For women, the policy is transformational. Cisterns are registered in the name of the female head of the household, giving them ownership and responsibility, and a leading role in providing for their families and communities.


Addressing SDG 13, climate action, with soil organic carbon

Soil is a relatively new but very promising topic in the climate mitigation discussion. The Future Policy Award jury has acknowledged this by recognizing the “4 per 1000 Initiative” with the Vision Award. This initiative communicates a new concept for mitigating climate change through the annual increase in soil organic carbon by 0.4 percent in the top 30-40 cm of agricultural soils. It encourages farming techniques which combat soil erosion and improve soil health, such as agroecology or agroforestry. With this initiative, agriculture takes centre stage in combating climate change, while at the same time producing more food. The initiative has been path-breaking in changing discourse and improving awareness on soil health.

Even small changes in the soil carbon pool can have large-scale effects both on agricultural productivity and on greenhouse gas balance. A 4 per 1000 annual growth rate of the soil carbon stock would make it possible to stop the current increase in atmospheric CO2 and help limit the average global temperature increase to +1.5/2°C. Professor Rattan Lal, Professor of Soil Science, Ohio State University points out: “Soil carbon sequestration is a bridge to the future. It buys humanity time while low-carbon or no-carbon fuel sources take effect.”

This high-level political initiative was launched by France in 2015, during the 21st Conference of the Parties (COP21) to the United Nations Framework Convention on Climate Change (UNFCCC) and was immediately backed by more than 20 European ministers and other high-ranking politicians. Even though the initiative is fairly recent, it has already received high-level endorsement and support internationally. Partners commit to a voluntary action plan to maintain and enhance soil carbon stocks. Initiated by the scientific community, it is being developed involving a range of partners including smallholder farmers.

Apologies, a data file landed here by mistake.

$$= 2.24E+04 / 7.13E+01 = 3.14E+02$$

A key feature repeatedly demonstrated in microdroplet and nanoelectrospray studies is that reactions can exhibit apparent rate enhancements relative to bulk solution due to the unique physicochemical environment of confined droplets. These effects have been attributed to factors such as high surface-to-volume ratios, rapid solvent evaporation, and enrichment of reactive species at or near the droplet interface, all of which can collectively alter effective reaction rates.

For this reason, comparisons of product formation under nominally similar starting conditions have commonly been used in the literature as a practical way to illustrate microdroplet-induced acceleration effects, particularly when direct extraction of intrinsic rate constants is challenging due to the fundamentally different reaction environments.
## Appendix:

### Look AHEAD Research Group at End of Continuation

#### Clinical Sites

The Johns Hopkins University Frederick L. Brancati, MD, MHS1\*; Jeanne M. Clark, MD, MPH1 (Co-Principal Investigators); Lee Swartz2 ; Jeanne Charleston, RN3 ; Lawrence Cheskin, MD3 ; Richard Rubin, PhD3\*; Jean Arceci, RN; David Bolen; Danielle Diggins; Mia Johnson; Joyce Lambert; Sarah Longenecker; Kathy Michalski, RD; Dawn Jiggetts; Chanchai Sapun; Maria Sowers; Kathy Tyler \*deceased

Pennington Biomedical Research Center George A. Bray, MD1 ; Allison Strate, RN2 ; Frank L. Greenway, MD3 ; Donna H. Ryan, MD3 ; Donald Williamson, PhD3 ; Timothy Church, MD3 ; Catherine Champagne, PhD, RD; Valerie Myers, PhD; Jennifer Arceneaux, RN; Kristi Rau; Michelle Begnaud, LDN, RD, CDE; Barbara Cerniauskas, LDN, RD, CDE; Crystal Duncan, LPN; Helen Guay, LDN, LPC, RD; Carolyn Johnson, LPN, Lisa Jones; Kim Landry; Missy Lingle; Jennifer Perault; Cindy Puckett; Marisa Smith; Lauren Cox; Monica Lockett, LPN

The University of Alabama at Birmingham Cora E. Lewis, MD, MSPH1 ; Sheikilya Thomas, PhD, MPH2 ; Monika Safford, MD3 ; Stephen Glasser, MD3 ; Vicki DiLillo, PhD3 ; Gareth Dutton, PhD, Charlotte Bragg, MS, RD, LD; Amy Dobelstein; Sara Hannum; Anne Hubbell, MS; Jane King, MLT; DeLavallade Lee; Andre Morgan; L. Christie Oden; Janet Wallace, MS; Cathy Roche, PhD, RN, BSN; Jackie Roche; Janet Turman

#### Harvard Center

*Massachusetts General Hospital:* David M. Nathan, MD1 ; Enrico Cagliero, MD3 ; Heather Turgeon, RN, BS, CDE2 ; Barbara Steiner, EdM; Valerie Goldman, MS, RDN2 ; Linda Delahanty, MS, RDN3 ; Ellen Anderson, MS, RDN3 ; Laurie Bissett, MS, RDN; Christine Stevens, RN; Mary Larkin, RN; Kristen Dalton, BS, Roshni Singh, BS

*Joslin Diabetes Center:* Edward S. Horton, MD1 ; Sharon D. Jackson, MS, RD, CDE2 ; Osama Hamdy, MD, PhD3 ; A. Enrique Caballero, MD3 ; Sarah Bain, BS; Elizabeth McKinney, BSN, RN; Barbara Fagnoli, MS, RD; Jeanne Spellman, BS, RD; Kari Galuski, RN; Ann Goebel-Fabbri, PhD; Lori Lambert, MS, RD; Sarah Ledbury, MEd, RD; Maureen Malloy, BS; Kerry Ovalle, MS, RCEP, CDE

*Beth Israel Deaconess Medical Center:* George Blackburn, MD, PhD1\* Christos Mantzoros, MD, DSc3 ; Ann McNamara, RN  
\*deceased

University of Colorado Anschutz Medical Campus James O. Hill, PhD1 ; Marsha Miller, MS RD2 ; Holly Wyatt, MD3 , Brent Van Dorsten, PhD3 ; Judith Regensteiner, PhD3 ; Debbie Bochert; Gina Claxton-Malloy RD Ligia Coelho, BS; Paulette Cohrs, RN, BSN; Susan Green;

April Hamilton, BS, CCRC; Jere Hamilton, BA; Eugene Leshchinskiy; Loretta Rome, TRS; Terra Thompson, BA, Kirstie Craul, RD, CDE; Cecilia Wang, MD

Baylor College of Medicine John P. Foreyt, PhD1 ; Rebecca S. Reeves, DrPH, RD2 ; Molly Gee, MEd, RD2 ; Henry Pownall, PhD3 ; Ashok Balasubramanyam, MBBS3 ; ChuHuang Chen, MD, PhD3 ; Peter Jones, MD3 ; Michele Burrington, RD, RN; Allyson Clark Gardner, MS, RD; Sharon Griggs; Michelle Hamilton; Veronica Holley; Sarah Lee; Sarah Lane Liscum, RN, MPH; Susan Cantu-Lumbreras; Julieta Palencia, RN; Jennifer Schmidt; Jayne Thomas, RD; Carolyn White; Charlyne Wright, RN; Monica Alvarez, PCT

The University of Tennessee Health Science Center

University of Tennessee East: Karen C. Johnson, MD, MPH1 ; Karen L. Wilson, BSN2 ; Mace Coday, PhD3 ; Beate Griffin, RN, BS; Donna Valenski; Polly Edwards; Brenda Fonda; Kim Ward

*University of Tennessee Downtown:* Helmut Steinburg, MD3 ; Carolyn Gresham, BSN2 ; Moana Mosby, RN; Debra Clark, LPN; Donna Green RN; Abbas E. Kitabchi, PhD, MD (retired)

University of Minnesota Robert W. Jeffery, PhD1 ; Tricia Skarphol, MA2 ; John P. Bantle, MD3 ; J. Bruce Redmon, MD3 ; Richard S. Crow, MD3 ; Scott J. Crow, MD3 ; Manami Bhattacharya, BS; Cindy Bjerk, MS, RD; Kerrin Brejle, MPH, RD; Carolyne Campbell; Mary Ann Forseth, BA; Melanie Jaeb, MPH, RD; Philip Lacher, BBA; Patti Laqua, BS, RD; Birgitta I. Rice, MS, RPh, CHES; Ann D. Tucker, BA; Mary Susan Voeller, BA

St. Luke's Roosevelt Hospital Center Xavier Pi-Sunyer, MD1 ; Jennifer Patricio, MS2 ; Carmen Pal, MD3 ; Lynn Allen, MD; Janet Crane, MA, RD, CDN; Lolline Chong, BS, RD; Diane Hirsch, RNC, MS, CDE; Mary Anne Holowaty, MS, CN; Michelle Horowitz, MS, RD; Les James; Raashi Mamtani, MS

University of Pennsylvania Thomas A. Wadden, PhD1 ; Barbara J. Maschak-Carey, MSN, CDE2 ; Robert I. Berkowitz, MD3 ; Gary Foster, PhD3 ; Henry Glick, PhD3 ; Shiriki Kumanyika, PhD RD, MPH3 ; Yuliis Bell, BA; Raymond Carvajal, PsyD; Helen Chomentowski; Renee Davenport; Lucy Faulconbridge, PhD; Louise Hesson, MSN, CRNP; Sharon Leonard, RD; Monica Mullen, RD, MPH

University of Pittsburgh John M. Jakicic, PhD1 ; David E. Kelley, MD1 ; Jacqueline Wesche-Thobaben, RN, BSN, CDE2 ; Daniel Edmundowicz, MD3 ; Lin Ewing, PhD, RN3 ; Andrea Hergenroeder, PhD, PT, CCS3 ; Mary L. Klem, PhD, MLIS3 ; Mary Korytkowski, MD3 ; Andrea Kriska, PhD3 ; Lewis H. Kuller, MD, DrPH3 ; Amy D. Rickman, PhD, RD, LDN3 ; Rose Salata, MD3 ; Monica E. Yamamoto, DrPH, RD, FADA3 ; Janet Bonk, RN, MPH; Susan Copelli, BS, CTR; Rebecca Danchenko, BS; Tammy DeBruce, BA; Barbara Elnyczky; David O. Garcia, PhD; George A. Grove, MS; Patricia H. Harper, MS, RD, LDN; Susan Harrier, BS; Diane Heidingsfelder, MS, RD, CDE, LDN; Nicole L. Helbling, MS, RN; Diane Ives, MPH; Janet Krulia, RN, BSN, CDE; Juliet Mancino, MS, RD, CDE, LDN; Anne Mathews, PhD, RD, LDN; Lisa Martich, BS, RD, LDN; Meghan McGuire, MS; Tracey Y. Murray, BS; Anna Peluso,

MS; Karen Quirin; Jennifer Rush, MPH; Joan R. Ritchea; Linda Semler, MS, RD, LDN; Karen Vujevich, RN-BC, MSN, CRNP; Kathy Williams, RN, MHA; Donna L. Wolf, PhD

Lessons from Champions: It’s People who restore land

The Future Policy Award evaluation has shown that, overall, when land is restored successfully, smallholder farmers and indigenous people are taking a leading role. The discussion around soil carbon sequestration furthermore has the potential to empower an often marginalised group of farmers, the pastoralists. Different types of rangeland cover around 70 percent of the earth’s surface (excluding Antarctica). On well-managed rangelands there is less erosion, more fodder, increased water infiltration, diverse life and potentially more soil organic carbon. The impacts of good rangeland management can be immense.

The difficulties in governing these vast lands, however, are reflected in the fact that only two rangeland management policies were nominated for the Future Policy Award, policies from Jordan and Namibia. Although these policies are very different in design, they both employ principles, rather than rules and regulations, and lay the responsibility of restoring rangeland in the hands of those who manage them – Bedouin pastoralists in the case of Jordan and farmers in Namibia.

Ultimately, considering the huge opportunity of storing more soil organic carbon in well-managed rangelands, pastoralists around the world have the potential to not only restore land on a massive scale but to also take a leading role in mitigating climate. A focus here would contribute greatly to achieving progress in a number of SDGs.

Editors Note: The opinions expressed here by columnists are their own, not those of

Featured image credit: P1+2 / Fred Jordao

About the Author /

Ina is passionate about telling stories of complex environmental issues that reach people’s hearts and minds. Since 2011 she has been leading the World Future Council’s projects on sustainable ecosystems and food security in Africa, thereby developing a strong narrative on good African policy solutions. Ina has a diploma in political science from Hamburg University. She lives in Namibia.

Post a Comment

Scroll Up